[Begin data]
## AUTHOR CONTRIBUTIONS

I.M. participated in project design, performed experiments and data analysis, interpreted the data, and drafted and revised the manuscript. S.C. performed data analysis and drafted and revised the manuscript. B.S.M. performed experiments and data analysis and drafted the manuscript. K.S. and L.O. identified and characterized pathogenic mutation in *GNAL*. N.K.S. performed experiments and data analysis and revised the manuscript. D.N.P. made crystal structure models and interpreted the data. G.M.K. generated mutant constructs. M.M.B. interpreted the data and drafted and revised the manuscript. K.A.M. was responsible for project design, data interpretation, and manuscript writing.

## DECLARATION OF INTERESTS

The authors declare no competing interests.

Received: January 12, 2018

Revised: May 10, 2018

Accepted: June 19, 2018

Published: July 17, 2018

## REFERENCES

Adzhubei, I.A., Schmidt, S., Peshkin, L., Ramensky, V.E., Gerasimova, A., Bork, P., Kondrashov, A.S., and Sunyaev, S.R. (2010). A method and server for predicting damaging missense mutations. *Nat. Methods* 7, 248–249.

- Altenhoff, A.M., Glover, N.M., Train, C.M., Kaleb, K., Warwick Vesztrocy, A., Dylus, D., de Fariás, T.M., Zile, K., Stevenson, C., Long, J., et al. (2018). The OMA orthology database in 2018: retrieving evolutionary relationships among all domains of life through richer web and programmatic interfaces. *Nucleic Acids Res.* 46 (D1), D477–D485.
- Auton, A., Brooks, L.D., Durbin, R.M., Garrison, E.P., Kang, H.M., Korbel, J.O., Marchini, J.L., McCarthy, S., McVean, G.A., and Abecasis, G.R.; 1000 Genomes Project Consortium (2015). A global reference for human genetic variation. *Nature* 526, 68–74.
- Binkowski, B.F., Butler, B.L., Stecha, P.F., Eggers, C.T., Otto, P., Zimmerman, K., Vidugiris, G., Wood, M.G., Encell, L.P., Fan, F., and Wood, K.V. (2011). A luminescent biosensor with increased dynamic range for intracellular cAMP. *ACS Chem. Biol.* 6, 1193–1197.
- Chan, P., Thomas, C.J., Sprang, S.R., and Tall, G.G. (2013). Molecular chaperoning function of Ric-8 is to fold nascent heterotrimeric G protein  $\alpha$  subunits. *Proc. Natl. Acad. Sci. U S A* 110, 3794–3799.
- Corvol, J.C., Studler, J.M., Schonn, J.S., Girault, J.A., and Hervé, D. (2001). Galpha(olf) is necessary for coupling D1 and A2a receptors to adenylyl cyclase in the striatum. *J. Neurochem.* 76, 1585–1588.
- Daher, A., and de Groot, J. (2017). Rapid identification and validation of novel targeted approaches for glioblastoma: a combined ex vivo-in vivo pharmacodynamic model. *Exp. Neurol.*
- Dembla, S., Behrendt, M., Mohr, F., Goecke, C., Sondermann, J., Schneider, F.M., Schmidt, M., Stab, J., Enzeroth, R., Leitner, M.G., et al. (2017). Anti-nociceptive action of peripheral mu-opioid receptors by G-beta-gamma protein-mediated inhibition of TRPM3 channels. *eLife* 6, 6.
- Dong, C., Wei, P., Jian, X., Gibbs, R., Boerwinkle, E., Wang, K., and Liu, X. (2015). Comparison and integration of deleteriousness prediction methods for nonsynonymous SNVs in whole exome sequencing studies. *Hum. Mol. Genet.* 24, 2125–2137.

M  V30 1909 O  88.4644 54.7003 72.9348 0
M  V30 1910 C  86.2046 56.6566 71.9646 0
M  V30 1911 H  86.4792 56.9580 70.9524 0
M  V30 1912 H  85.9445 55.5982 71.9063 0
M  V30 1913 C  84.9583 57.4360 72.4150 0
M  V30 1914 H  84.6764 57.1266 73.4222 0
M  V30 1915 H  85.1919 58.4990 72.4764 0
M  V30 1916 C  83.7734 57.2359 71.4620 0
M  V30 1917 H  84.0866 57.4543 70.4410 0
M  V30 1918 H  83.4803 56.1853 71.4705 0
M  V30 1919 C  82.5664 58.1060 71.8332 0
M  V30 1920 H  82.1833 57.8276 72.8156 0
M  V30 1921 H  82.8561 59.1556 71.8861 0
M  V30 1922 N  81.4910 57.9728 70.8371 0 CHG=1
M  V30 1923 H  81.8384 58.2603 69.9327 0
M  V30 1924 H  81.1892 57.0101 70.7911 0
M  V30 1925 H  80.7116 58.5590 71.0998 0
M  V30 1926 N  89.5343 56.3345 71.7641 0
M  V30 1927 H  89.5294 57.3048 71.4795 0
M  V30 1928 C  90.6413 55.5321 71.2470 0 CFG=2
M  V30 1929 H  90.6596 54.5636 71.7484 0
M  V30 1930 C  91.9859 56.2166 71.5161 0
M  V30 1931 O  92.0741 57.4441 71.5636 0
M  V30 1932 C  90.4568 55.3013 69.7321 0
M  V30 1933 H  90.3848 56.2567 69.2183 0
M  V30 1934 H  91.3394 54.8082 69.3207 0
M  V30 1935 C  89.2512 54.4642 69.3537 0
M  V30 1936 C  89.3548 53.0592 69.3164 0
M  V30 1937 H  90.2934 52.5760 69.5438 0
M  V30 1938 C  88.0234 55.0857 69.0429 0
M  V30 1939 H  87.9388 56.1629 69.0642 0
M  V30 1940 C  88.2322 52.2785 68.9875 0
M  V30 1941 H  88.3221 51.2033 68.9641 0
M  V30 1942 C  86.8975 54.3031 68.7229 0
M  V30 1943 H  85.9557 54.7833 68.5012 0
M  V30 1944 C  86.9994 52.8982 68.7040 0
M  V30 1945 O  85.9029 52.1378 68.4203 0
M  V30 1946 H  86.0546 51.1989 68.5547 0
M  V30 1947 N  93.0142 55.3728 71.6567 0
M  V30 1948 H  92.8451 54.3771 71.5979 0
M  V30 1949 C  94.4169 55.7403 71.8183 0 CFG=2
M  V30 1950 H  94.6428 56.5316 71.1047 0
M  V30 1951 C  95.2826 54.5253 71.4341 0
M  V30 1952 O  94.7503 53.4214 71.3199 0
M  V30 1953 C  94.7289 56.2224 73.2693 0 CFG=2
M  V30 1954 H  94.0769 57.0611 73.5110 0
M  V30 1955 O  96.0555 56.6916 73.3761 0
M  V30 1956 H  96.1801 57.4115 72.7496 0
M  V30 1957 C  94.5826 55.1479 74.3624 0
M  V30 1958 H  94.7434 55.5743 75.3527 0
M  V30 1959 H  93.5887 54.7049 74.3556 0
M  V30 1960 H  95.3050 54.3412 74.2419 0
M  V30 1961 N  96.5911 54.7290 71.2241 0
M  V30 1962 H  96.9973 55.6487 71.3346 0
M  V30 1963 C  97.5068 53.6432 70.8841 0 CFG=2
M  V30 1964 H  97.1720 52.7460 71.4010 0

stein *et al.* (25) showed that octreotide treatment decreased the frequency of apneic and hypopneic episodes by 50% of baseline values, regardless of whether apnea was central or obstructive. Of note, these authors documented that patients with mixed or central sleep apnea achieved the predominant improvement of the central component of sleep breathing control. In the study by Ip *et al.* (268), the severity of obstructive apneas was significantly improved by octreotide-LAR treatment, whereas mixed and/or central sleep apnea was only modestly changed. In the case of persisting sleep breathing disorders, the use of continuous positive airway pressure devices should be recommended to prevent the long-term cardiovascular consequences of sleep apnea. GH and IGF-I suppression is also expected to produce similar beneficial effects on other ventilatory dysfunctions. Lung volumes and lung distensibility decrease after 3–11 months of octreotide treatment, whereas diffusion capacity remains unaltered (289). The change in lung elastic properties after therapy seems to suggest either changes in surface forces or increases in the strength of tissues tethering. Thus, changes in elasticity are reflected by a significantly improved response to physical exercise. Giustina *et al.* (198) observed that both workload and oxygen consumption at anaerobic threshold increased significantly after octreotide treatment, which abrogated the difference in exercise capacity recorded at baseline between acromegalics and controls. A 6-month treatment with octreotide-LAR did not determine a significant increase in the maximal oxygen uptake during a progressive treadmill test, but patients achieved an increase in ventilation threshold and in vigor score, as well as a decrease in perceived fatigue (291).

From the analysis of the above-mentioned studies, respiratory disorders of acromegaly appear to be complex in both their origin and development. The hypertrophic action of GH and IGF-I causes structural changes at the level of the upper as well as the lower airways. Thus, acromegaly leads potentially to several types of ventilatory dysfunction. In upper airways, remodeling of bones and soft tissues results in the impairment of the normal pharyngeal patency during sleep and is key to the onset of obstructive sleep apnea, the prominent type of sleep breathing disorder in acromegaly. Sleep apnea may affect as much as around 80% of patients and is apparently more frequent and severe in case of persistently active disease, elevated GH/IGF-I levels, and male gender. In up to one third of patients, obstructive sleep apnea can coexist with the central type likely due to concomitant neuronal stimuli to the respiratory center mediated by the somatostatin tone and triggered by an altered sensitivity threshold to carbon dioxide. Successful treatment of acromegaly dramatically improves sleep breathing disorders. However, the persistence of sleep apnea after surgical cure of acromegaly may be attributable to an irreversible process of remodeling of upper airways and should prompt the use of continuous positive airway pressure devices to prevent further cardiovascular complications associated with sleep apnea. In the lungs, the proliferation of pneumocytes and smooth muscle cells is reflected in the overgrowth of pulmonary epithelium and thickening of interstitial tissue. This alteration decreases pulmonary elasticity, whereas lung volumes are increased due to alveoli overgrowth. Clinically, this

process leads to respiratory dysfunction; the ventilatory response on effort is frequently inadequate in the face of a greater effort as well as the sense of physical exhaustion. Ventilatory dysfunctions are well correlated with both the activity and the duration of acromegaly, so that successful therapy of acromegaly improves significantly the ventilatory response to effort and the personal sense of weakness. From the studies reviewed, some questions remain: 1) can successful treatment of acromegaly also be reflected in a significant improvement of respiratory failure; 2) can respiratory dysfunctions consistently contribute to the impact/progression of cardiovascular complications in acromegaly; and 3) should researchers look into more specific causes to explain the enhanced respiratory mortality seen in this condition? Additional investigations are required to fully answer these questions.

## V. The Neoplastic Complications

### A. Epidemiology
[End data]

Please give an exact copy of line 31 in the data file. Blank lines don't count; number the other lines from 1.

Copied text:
M  V30 1921 H  82.8561 59.1556 71.8861 0